Mount Salem formed in 2012 in Chicago, and I was going to say something about how in another couple years they’d be ready to hook up with Metal Blade‘s current cult rock fetish, but it appears they already have, so kudos. Money’s tight, but I will at least admit to picking up a CD of their self-released debut EP, Endless, and since I’d seen their name around over the last few months, I was eager to see what they had on offer. Vocalist Emily Kopplin started the set alone on stage setting a mood with keys and vocals before being joined by bassist Mark Hewett, guitarist Kyle Morrison and drummer Cody Davidson for a round of songs mostly culled from that EP. Everything sounds likeSaint Vitus to me lately, but the stomp at the beginning of “Hysteria” seemed specifically indebted to “Born too Late,” though Morrison was sure to toss in lead notes and add personality to the familiar rhythm, and I found that though I had a pretty clear understanding of where Mount Salem were coming from in terms of their influences — taking that Vitus pace and offsetting it with strong cult/stoner blues chug while Kopplin topped with her powerful, versatile voice — they delivered everything I could have reasonably asked for such a new band on the road.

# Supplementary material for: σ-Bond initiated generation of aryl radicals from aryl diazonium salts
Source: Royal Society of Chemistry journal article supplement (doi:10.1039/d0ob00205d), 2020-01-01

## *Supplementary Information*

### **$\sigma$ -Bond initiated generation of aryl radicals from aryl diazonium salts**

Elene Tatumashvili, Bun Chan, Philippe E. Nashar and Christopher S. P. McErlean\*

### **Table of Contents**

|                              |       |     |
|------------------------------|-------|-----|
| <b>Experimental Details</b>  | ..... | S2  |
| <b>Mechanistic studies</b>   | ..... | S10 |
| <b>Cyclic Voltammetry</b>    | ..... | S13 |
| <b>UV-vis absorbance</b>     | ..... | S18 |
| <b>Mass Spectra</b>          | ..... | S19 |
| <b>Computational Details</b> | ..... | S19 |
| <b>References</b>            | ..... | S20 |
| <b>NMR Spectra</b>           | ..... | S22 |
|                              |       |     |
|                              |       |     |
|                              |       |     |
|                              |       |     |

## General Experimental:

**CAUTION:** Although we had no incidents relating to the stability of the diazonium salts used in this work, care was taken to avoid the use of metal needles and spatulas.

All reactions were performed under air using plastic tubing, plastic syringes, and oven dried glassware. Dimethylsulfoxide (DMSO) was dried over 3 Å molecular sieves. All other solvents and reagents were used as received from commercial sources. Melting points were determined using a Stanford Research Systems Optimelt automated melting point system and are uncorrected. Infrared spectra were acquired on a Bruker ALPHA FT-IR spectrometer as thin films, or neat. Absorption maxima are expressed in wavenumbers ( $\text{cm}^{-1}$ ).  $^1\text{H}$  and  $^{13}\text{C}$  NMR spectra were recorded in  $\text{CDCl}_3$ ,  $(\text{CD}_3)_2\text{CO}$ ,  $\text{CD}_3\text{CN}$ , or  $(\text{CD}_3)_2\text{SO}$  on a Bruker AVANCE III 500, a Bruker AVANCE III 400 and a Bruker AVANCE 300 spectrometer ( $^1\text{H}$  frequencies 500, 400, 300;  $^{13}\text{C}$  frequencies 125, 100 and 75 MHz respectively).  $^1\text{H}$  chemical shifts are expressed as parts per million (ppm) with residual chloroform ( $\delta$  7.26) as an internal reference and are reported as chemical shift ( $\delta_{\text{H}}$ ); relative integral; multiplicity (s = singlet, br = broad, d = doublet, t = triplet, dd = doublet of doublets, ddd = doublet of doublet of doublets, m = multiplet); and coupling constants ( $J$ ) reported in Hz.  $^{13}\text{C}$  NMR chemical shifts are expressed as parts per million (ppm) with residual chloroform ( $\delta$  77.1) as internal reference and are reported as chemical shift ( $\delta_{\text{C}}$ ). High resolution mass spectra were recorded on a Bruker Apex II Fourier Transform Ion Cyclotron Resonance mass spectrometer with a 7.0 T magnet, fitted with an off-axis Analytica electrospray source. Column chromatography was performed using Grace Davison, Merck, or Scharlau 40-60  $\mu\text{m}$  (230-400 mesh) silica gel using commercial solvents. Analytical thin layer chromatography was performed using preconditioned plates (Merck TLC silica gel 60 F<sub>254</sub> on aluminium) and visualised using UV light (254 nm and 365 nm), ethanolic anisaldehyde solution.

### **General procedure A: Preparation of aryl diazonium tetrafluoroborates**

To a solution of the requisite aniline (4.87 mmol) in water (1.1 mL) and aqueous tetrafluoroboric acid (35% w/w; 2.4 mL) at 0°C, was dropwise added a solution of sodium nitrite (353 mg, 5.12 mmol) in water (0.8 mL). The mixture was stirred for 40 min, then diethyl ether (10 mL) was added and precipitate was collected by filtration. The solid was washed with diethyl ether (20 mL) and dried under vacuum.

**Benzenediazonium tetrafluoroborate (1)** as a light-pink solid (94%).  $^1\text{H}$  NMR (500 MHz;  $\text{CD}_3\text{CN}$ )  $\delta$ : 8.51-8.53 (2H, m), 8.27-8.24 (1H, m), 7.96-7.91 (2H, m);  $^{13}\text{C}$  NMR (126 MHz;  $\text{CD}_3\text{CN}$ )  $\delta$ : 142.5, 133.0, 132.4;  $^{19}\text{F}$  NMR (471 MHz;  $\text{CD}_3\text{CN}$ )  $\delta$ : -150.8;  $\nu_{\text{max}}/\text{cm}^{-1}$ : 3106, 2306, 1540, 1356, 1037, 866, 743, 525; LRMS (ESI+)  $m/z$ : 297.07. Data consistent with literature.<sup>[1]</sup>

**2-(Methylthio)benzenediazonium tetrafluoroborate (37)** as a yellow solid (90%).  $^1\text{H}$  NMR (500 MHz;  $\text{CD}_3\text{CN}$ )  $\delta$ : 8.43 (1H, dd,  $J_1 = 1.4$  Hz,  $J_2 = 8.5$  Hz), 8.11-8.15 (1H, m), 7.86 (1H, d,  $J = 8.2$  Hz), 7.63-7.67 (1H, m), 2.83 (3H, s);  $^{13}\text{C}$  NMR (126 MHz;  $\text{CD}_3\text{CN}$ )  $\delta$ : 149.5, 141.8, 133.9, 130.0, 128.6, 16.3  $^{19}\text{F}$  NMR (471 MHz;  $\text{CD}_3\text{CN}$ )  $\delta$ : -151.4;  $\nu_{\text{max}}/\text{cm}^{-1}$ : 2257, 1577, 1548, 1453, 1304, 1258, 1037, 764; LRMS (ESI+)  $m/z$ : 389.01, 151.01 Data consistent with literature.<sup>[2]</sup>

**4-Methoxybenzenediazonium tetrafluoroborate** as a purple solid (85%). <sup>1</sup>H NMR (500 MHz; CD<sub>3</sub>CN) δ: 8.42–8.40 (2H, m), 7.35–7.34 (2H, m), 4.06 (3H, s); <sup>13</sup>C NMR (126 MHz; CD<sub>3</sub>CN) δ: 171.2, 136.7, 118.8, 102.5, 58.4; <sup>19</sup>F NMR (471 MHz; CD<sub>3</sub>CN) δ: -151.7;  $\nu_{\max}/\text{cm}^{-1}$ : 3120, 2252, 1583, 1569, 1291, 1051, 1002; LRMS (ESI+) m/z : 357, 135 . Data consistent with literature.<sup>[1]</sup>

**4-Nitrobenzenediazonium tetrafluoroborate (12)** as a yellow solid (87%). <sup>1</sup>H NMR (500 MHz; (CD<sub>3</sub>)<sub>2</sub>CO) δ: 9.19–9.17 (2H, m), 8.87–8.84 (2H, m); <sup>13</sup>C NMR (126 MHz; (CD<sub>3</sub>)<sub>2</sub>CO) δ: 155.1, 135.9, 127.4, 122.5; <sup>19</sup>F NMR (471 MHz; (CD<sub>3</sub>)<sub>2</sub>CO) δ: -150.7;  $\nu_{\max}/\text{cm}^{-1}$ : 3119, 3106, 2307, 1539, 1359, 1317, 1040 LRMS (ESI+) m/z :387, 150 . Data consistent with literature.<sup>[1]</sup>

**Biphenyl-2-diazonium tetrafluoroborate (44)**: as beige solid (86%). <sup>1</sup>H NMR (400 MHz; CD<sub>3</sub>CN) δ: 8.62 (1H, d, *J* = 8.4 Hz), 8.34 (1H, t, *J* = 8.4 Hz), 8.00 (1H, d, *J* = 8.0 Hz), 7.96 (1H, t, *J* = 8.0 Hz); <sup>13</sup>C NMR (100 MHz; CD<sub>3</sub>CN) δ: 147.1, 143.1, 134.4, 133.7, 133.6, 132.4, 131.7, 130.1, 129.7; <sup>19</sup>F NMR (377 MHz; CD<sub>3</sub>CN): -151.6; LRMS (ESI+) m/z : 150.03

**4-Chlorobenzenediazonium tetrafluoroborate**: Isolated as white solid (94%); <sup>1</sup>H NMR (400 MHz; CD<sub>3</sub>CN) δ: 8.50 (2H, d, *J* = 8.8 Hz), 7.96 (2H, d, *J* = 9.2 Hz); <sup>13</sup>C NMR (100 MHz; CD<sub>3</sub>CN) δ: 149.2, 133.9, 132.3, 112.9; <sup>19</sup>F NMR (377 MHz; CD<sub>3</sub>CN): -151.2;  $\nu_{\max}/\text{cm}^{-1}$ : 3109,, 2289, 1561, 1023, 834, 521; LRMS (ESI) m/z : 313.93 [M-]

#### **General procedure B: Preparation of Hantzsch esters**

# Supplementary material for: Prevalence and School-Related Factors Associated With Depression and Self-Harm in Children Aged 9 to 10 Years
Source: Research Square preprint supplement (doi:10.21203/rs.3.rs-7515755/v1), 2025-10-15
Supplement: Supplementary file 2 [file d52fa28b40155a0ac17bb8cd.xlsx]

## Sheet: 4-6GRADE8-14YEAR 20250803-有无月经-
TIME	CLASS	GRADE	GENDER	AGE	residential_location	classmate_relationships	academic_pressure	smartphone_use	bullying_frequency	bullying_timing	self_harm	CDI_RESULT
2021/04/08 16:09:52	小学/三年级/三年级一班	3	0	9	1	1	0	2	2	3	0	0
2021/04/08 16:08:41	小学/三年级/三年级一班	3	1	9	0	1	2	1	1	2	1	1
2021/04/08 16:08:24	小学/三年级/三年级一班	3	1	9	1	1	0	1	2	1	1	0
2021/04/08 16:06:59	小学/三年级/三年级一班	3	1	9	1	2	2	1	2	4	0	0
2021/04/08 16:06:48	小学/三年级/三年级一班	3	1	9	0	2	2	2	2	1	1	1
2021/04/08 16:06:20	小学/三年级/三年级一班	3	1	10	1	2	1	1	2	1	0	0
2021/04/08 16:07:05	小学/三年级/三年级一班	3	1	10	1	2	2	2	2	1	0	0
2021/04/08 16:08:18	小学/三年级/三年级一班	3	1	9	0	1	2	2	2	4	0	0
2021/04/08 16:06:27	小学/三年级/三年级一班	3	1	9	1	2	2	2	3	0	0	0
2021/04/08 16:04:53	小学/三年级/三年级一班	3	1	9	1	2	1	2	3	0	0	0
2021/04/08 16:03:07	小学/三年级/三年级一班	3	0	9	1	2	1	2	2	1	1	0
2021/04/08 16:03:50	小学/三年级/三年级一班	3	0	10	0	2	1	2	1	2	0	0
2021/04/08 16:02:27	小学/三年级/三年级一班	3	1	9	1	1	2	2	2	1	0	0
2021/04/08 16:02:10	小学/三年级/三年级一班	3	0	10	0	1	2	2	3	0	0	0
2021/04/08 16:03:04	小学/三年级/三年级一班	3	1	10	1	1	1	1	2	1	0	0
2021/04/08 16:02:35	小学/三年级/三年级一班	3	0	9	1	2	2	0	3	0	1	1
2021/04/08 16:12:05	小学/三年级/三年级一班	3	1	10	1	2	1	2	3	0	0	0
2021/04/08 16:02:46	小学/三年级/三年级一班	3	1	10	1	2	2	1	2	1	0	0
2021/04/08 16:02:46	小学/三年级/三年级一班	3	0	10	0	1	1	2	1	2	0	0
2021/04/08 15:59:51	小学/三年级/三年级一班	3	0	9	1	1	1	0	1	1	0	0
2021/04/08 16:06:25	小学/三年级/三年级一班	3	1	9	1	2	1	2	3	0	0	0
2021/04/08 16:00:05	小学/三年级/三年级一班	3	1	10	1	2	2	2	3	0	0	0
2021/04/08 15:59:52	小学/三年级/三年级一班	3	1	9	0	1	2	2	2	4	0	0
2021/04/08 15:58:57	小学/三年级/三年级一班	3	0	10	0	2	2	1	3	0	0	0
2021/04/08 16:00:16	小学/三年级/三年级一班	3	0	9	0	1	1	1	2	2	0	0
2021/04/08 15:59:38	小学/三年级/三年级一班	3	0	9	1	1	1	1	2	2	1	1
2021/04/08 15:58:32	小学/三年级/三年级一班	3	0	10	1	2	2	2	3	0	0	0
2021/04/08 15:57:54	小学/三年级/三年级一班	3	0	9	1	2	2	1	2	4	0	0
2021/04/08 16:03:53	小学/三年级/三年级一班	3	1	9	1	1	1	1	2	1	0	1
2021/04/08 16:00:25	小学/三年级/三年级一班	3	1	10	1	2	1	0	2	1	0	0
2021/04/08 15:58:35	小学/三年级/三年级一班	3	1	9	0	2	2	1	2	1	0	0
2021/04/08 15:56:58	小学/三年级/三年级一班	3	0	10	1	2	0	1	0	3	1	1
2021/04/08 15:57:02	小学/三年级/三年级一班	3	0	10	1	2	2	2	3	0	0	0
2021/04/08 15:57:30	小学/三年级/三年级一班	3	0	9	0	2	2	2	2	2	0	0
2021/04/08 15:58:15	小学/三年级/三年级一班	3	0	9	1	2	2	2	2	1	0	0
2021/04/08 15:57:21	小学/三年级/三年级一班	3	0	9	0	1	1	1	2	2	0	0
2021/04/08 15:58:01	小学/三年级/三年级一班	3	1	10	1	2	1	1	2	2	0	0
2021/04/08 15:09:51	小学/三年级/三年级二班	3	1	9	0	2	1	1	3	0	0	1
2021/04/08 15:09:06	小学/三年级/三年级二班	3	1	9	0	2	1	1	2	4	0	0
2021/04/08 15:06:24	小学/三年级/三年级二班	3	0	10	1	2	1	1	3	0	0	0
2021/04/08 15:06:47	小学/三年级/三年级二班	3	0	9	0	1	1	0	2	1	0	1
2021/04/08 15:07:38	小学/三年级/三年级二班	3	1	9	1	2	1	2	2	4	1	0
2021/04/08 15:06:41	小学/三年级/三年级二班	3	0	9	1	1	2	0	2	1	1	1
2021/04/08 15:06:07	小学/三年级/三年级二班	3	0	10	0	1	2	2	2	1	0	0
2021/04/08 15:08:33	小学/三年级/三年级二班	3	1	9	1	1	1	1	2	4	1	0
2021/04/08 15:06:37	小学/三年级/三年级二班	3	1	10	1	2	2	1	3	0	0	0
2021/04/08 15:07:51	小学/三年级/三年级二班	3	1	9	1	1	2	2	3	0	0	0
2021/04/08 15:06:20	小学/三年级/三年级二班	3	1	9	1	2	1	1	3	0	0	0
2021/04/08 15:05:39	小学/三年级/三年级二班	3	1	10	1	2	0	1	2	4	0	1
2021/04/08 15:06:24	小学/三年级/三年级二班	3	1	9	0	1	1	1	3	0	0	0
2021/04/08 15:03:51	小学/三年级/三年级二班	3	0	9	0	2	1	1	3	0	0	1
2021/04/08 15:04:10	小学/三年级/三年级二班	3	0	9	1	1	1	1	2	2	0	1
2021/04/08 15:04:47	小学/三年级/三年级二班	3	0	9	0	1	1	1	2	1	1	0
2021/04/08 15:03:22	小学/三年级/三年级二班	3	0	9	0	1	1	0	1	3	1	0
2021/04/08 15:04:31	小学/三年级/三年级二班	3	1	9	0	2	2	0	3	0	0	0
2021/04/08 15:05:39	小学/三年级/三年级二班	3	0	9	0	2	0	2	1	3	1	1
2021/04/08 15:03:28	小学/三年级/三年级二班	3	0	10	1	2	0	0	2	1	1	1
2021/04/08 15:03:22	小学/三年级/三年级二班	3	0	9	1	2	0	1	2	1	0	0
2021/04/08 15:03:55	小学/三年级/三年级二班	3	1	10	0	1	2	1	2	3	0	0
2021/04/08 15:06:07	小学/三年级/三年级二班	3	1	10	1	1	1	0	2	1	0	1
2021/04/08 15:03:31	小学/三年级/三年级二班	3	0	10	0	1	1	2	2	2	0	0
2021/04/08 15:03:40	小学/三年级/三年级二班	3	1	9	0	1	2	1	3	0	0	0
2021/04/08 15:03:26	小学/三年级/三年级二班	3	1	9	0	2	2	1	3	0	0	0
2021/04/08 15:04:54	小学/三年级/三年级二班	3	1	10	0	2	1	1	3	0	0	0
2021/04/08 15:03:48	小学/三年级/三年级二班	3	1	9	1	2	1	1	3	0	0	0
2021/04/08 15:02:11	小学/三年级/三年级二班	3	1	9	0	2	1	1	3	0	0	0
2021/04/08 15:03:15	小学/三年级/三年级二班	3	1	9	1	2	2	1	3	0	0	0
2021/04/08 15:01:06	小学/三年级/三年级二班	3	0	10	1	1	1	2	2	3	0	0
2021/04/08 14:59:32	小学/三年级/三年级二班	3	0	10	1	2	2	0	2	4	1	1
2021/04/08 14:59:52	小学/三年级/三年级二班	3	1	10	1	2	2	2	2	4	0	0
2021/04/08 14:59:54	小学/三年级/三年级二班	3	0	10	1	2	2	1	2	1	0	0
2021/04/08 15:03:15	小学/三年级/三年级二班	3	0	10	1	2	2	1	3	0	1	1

They had the tone, the vibe, and the approach pretty much down — not to mention the songs — and considering a lot of bands never get to that point, it’s all the more impressive that Mount Salem would essentially start out that way. The overall feel of “Good Times” was familiar within the genre, but the song nonetheless lived up to its name, and it seemed in watching them that all Mount Salem really needed to do was continue to put in work touring to refine their take. I’ll look forward to getting to know their EP, which came out earlier this year, and to finding out where their next batch of songs brings their sound. When they were done, they quickly loaded their gear off stage so that double-guitar five-piece Bog of the Infidel could get started.